This review contains spoilers.
Free Guy (2021)
Director: Shawn Levy
Writers: Matt Lieberman, Zak Penn
3½ out of 4 stars.
I’m pretty neutral on Ryan Reynolds. I enjoy his brand of comedy for the most part but my interest in Free Guy sparked almost entirely from knowing that Joe Keery was in the cast (because I’m a huge Stranger Things fan) and also that Shawn Levy was the director. In looking over his filmography as part of my research for my Coffee & Contemplation podcast, I realized that I often like his style and the stories he tends to tell; in particular, the Night at the Museum franchise, Arrival, The Famous Jett Jackson,and, obviously, Stranger Things. Like those properties, Free Guy seemed to be another effective blend of pastiche and originality. Plus Taika Waititi was in the cast, too? Sign me up.
The film itself far exceeded my expectations. Free Guy is celebratory rather than pretentious in its homage (Tron, anyone?) yet carves out its own style, its own characters. How it manages to do so is nigh untraceable but it doesn’t really matter because you’re too busy enjoying the result. There are scant few things I didn’t enjoy about it — more on that later — and even in the spots where it doesn’t quite work, there’s a palpable spirit of enthusiasm. Some reviews criticize the film for not delving deeper into the more serious questions and concepts Free Guy indirectly presents — the nature of Artificial Intelligence, corporate strategy, sequels versus original IP, what qualifies as a soul — but I would argue that the film doesn’t avoid these subjects outright, either. Many critics are ragging on the real-world characters but I buy the characterizations and believe their performances are deeper than they’re getting credit for. Where some have cited that the Soonami storyline drags the film down in the middle, I would question whether Guy’s story — genuinely fun and entertaining though it is — would be able to sustain itself alone, without a supporting plot. Maybe. But I, for one, appreciate the range. The trailers also make it very clear that deep, intellectual exploration is not the point here. Science-Fiction is rife with such explorations and there’s plenty to be found elsewhere if you’re looking for that but in Free Guy you can expect a buoyant, fun energy at its core. However, I was surprised at the — go with me — level of subtlety at play. No, seriously. There is no shortage of loud, brash, even salacious humor but it never goes too far off the rails and is even quite effectively balanced by some aspects that practically fly under the radar.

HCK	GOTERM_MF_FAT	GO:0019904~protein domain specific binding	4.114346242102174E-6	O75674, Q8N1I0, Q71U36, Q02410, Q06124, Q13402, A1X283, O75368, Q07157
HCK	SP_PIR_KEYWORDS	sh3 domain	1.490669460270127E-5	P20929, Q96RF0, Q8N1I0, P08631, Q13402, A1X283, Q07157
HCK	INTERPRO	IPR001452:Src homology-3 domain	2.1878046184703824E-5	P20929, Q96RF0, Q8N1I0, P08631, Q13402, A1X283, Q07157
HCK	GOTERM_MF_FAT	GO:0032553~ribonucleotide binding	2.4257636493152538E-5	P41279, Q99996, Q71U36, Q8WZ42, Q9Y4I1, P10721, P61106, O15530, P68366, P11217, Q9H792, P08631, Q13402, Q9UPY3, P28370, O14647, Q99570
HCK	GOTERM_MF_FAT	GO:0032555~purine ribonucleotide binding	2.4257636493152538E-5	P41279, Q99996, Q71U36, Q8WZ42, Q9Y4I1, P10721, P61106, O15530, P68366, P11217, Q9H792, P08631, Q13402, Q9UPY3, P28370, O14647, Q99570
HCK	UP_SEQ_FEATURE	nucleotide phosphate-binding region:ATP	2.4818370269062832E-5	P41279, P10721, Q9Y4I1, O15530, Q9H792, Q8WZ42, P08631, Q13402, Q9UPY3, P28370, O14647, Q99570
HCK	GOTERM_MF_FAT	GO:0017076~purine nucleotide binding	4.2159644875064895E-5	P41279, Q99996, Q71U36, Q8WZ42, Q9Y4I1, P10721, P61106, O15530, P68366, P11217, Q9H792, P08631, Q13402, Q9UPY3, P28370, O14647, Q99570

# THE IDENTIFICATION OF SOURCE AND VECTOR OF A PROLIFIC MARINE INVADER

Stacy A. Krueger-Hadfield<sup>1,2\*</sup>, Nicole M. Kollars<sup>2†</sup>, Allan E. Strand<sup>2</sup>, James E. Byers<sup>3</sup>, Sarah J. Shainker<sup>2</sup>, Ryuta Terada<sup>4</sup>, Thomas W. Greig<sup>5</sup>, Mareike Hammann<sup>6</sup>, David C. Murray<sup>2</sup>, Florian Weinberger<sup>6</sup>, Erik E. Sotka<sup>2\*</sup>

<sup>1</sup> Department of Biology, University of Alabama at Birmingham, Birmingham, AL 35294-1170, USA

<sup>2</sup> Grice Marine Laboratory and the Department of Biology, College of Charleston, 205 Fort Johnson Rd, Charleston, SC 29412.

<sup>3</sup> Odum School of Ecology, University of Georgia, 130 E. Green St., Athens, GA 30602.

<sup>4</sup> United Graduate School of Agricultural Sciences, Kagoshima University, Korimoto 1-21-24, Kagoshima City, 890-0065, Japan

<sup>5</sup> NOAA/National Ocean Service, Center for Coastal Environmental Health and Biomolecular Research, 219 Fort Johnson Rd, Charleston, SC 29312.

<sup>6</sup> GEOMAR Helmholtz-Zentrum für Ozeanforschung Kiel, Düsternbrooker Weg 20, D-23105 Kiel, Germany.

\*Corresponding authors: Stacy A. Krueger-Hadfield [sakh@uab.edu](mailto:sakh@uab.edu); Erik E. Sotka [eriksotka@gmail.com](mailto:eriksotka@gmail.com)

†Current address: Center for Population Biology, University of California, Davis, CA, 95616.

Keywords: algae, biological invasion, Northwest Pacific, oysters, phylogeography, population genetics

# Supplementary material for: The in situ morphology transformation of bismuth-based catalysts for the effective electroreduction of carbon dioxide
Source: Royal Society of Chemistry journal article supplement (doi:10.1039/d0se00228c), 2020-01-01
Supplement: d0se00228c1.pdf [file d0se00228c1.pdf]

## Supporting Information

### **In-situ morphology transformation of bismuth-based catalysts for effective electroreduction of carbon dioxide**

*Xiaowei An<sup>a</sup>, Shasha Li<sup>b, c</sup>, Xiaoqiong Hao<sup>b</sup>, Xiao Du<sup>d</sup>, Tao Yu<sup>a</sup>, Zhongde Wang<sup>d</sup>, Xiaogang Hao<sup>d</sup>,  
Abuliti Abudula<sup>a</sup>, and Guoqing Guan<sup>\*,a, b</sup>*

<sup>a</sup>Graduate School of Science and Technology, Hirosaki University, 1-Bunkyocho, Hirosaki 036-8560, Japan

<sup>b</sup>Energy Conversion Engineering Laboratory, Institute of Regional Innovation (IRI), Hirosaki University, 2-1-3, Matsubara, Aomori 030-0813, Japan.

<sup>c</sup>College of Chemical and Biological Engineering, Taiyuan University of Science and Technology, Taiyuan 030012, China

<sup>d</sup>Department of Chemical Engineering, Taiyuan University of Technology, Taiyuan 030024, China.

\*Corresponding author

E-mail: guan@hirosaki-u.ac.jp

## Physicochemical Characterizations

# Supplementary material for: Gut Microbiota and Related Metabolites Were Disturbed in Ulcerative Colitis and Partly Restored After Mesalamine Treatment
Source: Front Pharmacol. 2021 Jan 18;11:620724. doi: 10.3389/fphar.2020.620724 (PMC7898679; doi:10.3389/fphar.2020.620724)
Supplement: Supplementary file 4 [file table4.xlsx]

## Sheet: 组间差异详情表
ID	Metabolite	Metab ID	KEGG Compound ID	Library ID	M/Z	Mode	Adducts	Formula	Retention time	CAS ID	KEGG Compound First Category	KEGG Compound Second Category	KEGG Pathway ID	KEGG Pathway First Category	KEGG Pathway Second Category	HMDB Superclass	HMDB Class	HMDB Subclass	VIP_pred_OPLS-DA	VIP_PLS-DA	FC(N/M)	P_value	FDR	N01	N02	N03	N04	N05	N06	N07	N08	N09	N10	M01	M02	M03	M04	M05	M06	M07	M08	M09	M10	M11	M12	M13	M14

Given how much turmoil the last year+ has handed us, I wanted to throw myself into the fun spirit along with everyone else but knew I couldn’t if it came down to a love triangle; a contest, Guy vs. Keys. I mean, there’d be no question, right? All joking aside, I’ve been on a bit of a journey with Keery’s Steve Harrington and Stranger Things as a whole has become pretty important to me so while I might be predisposed to get more invested in Keys, I’m probably in the minority and Guy is, after all, the film’s protagonist. Reynolds is the marquee name. I just didn’t know if I had it in me to watch that play out.